But what about NVMe? That has been the hot topic in the industry this year and I bet many of you are wondering what is SanDisk's and Fusion-io's play in that field. The short version of their strategy is that Fusion-io already has a technology called Virtual Storage Layers (VSL), which is essentially a driver/software stack similar to NVMe. The truth is that NVMe isn't really anything new from a technology perspective, but what makes it alluring for many manufacturers is the fact that the NVMe drivers are universal and already supported by the latest operating systems. Technologies like VSL are rather expensive to develop and require expertise because there is no framework available (i.e. everything has to be developed from scratch), but on the other hand an in-house driver like VSL allows for more customization and optimization.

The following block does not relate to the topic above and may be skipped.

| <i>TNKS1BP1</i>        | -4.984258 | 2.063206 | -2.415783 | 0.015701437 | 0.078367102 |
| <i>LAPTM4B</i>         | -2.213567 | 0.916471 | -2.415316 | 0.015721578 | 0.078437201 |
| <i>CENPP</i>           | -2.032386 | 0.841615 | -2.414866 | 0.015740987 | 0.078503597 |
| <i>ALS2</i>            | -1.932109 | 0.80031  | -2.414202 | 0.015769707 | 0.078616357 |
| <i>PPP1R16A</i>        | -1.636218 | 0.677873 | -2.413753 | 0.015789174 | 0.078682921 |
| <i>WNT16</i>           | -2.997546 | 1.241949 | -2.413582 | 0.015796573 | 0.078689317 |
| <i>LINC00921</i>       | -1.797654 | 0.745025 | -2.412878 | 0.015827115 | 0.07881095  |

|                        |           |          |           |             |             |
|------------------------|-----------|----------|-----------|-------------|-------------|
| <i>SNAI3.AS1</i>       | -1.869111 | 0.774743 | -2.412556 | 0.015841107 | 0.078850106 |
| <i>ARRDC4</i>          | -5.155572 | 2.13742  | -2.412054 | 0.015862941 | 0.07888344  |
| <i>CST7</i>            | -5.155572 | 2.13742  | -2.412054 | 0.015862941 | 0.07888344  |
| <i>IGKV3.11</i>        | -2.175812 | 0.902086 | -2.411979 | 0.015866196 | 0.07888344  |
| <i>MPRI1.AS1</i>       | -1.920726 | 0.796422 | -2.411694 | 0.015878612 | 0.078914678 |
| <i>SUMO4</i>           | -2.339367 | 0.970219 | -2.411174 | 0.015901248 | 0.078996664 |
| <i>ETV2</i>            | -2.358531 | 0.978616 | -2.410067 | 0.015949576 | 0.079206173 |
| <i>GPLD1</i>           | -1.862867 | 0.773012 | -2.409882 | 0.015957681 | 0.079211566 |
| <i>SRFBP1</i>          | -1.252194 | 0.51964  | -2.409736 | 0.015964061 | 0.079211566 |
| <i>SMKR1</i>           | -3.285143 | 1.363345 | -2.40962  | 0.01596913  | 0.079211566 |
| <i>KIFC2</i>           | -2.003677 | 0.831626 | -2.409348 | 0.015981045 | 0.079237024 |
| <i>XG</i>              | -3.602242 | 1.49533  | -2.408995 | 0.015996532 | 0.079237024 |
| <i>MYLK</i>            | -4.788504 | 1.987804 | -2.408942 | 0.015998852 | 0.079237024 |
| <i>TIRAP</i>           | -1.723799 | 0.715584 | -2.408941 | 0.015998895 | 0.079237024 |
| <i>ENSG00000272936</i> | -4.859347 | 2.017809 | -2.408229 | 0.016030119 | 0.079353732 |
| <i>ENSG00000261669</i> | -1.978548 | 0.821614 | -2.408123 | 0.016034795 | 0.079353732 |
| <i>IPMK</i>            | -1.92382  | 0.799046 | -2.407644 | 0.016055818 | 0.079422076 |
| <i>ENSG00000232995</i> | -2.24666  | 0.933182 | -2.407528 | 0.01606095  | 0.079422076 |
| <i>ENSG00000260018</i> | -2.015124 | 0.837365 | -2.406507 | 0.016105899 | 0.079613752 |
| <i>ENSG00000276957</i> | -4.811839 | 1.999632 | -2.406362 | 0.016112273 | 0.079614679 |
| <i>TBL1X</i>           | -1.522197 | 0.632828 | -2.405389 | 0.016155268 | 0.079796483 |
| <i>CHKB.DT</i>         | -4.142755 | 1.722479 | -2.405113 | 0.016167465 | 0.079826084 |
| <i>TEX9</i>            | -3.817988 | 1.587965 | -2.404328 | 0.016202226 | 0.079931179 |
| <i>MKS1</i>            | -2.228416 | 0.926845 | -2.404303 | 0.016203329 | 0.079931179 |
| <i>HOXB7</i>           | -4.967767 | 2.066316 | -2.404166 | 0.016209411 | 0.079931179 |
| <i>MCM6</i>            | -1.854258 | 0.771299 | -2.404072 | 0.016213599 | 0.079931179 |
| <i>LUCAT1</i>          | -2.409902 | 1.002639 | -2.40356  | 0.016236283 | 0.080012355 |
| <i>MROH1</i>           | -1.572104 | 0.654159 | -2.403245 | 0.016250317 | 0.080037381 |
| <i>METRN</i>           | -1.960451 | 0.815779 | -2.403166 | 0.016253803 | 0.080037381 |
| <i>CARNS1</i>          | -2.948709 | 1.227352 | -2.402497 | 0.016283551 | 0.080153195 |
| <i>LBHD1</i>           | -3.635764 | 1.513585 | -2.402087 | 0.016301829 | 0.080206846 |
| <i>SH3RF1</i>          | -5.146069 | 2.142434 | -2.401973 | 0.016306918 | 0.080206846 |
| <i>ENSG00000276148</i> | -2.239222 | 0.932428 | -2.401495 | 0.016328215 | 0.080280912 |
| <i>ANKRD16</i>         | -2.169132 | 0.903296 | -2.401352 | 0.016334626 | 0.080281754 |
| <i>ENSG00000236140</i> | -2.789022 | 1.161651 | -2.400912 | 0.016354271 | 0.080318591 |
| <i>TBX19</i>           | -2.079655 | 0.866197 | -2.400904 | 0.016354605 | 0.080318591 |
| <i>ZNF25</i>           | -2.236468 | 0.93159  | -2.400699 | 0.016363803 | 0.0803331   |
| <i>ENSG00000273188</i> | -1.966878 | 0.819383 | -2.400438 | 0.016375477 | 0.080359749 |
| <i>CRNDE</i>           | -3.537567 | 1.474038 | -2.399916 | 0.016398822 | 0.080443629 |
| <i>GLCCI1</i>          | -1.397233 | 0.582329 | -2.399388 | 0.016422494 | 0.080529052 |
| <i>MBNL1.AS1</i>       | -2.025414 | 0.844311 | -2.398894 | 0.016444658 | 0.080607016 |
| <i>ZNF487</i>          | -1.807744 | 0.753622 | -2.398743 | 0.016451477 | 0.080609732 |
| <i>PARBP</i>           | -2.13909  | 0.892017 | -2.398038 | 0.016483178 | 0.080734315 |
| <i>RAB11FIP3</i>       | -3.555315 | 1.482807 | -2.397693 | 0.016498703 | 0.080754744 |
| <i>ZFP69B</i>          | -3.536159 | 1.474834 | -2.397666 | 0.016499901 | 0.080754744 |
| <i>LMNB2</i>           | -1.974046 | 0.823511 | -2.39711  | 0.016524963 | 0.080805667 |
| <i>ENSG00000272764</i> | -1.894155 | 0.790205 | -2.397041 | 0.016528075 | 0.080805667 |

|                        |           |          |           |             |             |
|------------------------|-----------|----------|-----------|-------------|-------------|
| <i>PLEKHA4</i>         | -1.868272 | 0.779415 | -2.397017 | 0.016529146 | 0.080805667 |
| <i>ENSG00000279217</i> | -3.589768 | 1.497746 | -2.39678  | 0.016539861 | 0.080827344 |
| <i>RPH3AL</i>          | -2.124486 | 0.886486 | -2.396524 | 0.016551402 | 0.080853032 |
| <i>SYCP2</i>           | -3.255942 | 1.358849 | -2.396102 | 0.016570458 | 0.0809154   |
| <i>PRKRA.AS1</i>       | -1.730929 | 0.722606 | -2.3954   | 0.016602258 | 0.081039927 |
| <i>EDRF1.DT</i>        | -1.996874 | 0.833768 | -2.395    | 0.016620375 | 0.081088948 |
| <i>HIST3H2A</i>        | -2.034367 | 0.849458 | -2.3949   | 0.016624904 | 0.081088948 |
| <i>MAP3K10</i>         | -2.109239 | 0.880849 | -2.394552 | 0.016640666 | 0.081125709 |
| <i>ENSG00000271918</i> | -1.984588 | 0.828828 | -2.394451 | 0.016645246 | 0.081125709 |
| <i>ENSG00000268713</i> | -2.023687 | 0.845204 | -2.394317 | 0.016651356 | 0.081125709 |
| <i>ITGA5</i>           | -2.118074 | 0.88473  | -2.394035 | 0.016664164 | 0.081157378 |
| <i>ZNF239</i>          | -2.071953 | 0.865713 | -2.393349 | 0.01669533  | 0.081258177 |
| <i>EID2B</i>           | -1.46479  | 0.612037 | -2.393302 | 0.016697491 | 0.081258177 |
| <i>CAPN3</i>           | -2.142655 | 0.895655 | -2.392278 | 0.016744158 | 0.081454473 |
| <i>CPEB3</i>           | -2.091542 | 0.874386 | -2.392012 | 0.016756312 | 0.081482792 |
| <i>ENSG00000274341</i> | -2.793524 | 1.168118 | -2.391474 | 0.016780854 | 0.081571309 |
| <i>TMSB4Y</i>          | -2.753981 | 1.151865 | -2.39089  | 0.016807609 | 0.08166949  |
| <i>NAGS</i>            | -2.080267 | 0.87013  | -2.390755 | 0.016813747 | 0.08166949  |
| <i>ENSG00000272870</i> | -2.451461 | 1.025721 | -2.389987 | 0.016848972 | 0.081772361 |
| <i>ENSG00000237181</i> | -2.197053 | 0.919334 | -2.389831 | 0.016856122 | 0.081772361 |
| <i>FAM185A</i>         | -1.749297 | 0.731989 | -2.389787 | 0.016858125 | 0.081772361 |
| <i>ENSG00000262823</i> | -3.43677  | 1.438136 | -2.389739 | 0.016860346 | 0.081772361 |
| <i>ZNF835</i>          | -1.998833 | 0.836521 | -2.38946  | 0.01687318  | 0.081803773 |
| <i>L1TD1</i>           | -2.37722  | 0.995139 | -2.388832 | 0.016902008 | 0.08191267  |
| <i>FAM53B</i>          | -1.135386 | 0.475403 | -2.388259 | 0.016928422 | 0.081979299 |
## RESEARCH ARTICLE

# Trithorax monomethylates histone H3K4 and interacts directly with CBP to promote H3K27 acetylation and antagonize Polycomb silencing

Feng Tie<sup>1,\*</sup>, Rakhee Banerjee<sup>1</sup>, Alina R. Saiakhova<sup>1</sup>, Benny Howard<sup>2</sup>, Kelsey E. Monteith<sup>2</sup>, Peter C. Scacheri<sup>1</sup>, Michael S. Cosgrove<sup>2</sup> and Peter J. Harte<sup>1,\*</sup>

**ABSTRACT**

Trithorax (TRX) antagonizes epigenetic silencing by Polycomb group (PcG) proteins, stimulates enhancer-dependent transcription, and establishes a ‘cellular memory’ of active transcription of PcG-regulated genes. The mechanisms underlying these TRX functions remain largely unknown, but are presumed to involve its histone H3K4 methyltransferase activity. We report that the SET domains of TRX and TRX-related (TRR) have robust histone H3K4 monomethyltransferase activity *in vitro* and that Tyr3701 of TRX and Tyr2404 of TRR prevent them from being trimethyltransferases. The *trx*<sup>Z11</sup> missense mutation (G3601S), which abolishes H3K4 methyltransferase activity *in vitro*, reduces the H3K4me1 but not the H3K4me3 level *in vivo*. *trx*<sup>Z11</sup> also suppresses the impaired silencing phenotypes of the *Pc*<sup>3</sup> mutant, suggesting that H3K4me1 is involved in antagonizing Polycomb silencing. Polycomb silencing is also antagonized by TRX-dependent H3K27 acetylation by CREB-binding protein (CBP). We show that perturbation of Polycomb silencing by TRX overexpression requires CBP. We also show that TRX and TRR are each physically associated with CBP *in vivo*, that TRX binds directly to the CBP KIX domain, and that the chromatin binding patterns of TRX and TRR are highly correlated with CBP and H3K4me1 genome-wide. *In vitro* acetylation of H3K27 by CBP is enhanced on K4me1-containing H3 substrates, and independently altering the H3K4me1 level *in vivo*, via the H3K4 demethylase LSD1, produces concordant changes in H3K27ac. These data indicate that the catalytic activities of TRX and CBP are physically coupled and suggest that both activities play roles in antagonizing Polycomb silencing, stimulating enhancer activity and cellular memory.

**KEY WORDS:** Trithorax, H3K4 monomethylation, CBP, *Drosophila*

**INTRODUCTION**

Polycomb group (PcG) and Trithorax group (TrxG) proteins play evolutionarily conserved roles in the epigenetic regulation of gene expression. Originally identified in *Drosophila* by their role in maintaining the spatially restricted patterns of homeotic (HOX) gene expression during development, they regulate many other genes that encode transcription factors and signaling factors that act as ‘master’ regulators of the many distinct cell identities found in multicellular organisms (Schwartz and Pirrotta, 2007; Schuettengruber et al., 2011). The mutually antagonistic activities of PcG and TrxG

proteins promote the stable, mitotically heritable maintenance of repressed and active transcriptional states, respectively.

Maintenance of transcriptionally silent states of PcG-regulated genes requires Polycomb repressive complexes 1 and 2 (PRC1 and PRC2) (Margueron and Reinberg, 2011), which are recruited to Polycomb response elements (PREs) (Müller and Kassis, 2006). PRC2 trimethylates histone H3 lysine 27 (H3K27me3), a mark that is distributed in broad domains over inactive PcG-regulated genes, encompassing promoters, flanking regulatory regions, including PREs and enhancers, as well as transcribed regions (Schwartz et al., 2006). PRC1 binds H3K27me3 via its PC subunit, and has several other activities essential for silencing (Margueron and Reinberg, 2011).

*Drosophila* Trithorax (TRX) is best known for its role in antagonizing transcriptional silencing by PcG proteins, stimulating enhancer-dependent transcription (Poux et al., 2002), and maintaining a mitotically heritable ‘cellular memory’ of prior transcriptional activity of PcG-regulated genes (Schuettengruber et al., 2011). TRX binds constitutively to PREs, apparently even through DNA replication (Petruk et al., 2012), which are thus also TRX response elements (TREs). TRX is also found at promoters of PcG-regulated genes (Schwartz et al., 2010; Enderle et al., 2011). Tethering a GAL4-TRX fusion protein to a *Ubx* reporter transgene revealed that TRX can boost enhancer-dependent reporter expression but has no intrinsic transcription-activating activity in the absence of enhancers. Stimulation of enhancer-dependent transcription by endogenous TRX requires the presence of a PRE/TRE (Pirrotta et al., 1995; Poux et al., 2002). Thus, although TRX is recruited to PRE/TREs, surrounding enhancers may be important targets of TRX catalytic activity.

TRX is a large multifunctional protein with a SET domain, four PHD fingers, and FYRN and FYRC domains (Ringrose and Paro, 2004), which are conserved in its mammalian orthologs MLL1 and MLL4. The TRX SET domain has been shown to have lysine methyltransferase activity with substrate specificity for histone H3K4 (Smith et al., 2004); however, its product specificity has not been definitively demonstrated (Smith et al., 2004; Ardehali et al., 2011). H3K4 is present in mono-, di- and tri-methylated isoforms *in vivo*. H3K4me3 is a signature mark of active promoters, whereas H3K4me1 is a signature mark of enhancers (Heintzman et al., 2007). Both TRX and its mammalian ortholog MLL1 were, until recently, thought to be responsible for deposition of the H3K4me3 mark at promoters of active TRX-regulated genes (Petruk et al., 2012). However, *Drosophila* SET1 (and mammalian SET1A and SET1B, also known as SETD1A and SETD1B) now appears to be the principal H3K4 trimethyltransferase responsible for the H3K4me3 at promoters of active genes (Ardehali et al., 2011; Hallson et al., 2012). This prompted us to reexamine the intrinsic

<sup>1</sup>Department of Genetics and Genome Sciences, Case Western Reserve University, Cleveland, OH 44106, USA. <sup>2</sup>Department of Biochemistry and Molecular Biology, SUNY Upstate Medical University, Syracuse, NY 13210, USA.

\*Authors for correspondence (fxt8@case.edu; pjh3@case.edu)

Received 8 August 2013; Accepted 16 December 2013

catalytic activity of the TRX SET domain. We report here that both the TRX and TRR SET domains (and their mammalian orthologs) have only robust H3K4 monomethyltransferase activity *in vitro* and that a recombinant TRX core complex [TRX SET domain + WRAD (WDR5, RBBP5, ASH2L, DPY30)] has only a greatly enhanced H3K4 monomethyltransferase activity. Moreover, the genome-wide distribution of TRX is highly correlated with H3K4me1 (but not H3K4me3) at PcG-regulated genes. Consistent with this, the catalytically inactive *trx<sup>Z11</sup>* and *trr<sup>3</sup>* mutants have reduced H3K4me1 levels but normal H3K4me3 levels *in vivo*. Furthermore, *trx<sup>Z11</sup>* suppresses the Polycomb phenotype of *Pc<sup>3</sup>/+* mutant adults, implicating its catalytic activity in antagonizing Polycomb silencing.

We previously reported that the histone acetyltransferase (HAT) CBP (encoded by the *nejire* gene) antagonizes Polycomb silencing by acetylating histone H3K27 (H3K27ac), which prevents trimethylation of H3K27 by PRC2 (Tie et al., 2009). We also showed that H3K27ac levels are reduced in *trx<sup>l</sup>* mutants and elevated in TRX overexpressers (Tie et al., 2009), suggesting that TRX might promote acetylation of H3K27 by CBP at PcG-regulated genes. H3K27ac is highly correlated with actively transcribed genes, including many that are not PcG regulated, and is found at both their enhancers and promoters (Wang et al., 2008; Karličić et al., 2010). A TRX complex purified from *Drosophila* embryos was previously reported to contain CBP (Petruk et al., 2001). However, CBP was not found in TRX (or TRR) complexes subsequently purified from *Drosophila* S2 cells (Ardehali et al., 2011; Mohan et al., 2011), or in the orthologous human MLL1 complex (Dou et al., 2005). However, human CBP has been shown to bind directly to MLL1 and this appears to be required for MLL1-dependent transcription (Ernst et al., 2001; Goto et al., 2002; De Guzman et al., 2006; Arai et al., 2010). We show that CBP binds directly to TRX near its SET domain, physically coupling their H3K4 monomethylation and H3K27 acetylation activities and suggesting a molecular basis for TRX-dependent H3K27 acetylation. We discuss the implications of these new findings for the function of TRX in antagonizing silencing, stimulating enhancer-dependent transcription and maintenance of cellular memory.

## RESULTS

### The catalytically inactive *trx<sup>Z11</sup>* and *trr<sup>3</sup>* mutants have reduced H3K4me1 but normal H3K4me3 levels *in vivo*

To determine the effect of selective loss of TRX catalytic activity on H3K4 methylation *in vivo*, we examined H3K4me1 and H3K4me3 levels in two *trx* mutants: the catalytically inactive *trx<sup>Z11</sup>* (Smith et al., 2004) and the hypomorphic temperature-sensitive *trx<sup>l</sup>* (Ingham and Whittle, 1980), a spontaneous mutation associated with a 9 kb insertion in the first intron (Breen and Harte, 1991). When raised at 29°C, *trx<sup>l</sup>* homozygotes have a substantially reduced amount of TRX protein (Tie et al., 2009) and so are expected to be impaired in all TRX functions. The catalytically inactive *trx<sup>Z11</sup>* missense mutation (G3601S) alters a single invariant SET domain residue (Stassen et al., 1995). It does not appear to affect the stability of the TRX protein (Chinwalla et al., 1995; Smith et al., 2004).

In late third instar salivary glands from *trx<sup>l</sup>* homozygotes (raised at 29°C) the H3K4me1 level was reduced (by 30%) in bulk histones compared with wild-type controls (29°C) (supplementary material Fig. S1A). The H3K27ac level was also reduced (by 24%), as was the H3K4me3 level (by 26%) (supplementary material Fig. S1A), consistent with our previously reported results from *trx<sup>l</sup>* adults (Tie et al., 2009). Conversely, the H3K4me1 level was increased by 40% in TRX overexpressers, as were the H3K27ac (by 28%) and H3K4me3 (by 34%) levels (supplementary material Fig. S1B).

However, that doesn't mean that SanDisk has no interest on NVMe whatsoever. The company sees that as the entry and mid-level enterprise SSDs move from SATA and SAS to PCIe, NVMe will be one of the key factors because of easy and quick deployment. For that market segment the NVMe spec and its limitations are fine – it's only the high-end segment where the benefits of VSL are more prominent. It's actually likely that many manufacturers will turn to custom NVMe drivers anyway for higher and more optimized performance, and in fact that is already happening with Intel providing its own NVMe driver for the P3600/P3700.